Grant has the latest headlines from the world of language, including the debate over the name of the home of the 2008 Summer Olympics. Is Beijing pronounced bay-JING or bay-ZHING? Also, a recent court decision concerning an offense that’s coming to be known as “talking while Spanish.” And what’s the origin of the phrase the skinny?

Listen here:

Download the MP3 here (1.5 MB).

Two stories out of the recently ended Olympics:

At MSNBC there’s a dispute over whether the city is Bay-JING or Bay-ZHING.

And at the London Times, Ben Macintyre talks about China’s national effort to eradicate Chinglish, that awkward and sometimes funny mix of English and Chinese that shows up on signs and menus. That means no more corrugated iron beef or government abuse chicken! The Financial Times goes into more detail.

June Casagrande, author of Mortal Syntax: A Hundred and One Language Choices That Will Get You Clobbered by the Grammar Snobs—Even If You’re Right, says in the Burbank Leader that often people ask her to comment on how technology is changing language, what with its acronyms and abbreviated words. She tells them it’s no big deal and to not blame the children. She says, “My message is: Put down the mallet and step away from your kid’s Blackberry.”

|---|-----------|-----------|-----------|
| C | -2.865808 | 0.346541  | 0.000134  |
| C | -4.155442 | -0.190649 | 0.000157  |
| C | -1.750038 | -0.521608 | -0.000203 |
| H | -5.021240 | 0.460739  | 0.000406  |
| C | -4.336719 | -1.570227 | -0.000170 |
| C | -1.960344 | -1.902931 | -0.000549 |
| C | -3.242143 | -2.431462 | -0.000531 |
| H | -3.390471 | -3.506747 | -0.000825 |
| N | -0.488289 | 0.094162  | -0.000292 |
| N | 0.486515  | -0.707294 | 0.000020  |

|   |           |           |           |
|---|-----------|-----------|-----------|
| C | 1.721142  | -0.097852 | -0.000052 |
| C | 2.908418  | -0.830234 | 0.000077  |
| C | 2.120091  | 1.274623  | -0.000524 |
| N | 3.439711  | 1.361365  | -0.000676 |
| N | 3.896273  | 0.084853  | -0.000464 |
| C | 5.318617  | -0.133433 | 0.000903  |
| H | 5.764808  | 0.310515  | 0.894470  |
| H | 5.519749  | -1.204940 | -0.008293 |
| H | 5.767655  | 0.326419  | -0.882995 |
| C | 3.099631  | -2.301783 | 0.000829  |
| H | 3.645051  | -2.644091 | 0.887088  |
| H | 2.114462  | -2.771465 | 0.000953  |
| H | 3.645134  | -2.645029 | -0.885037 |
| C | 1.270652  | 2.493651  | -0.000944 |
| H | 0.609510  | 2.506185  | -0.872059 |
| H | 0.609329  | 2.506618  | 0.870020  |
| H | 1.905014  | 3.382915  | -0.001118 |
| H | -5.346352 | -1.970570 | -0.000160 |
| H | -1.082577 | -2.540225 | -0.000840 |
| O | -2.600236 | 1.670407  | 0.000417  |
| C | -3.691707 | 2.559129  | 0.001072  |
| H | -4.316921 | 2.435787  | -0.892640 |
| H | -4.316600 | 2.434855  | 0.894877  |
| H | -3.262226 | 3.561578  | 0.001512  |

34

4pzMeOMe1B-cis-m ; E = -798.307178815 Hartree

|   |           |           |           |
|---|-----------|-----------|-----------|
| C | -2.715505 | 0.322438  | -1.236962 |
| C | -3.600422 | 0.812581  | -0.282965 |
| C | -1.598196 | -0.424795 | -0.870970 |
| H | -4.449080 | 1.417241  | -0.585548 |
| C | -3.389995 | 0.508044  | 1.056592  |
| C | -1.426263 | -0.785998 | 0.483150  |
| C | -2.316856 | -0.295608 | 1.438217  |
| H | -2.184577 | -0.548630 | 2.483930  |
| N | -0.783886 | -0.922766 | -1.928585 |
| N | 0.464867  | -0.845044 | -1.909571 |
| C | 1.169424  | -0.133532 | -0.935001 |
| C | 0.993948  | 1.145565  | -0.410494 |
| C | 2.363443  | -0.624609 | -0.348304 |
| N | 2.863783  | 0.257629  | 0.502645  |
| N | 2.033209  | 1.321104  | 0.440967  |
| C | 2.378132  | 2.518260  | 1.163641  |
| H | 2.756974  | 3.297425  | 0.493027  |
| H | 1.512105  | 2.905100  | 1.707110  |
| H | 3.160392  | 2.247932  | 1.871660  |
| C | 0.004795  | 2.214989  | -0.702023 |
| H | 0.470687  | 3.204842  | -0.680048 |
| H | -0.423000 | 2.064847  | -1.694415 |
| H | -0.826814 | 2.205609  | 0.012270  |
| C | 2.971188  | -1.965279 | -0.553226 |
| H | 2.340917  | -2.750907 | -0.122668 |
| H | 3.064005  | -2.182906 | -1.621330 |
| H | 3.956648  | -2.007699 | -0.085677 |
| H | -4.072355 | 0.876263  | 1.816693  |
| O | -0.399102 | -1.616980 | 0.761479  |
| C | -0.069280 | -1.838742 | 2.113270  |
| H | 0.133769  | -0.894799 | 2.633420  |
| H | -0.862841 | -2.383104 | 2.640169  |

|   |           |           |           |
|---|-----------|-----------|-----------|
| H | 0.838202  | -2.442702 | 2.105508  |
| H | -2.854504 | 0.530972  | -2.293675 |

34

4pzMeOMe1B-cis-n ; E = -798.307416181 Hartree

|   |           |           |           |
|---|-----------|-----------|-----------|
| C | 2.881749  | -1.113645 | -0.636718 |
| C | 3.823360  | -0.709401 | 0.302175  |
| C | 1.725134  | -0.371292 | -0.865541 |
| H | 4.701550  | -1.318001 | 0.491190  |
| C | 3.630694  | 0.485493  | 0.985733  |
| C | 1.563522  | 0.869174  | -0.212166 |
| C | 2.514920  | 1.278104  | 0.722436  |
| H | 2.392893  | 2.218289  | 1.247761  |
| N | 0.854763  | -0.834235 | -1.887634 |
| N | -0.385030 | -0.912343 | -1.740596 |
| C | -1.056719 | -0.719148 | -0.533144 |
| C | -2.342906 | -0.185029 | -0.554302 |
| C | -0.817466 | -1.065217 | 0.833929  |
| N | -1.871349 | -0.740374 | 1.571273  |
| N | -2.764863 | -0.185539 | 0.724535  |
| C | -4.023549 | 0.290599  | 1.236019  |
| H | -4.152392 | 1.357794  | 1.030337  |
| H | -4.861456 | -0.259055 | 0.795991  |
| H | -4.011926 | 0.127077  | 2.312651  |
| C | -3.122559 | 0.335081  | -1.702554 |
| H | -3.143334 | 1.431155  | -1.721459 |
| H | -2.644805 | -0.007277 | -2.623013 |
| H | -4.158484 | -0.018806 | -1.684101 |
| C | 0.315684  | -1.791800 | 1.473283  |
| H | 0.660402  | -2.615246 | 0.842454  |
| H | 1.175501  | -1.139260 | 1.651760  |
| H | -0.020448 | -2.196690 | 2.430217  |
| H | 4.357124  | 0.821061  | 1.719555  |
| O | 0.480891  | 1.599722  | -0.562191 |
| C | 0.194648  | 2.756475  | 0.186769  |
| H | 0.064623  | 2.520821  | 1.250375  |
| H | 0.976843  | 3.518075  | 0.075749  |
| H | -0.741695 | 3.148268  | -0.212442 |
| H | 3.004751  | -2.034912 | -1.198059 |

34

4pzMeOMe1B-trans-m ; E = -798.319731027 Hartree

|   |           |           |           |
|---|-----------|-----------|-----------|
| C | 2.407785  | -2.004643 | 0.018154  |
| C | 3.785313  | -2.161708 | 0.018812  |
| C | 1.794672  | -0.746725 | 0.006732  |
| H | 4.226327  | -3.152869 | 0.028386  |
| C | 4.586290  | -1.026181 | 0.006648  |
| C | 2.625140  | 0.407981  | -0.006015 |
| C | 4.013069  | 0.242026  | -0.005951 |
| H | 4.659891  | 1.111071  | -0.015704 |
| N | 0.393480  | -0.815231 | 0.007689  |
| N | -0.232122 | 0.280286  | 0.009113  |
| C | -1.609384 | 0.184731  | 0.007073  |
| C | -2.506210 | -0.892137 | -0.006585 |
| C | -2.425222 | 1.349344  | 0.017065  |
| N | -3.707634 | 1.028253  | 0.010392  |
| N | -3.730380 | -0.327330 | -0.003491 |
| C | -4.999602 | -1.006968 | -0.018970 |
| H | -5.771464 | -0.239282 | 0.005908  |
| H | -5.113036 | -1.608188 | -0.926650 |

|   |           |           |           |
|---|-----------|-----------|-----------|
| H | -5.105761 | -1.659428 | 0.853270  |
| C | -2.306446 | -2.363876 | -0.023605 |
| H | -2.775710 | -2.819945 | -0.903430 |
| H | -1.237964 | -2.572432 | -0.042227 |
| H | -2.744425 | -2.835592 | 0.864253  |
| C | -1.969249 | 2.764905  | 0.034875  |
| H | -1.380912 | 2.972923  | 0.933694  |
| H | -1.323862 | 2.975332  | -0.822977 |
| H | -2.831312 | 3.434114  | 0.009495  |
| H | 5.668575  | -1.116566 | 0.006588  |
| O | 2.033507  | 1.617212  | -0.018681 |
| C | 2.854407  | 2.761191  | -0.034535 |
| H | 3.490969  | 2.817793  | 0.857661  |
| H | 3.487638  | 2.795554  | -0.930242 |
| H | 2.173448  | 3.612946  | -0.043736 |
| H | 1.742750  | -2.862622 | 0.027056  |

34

In last week’s Ethicist column in the New York Times magazine, Randy Cohen responded to a reader who asked if it was okay if he, as a fourth-grade teacher, tried to correct the regional accents of his students. Cohen replies, “You should not strive to make your students speak like network news anchors.” No doubt that is not the last he’s going to hear about that.

On his Web of Language web site, linguist Dennis Baron writes about an offense that has come to be called “talking while Spanish.” In the case, U.S. district court judge J. Thomas Marten ruled that an English-only policy at St. Anne Catholic School in Wichita, Kansas, violated no laws and that the school could, if it wished, expel children for speaking in Spanish on the playground.

Michael Quinion gives the skinny on the skinny in the 600th issue of his World Wide Words newsletter. The short version of it is that it dates to at least as early as the 1930’s and could maybe possibly perhaps simply have been coined as a way of saying “the naked truth,” with “skin” being the link between the two expressions.

Tagged with →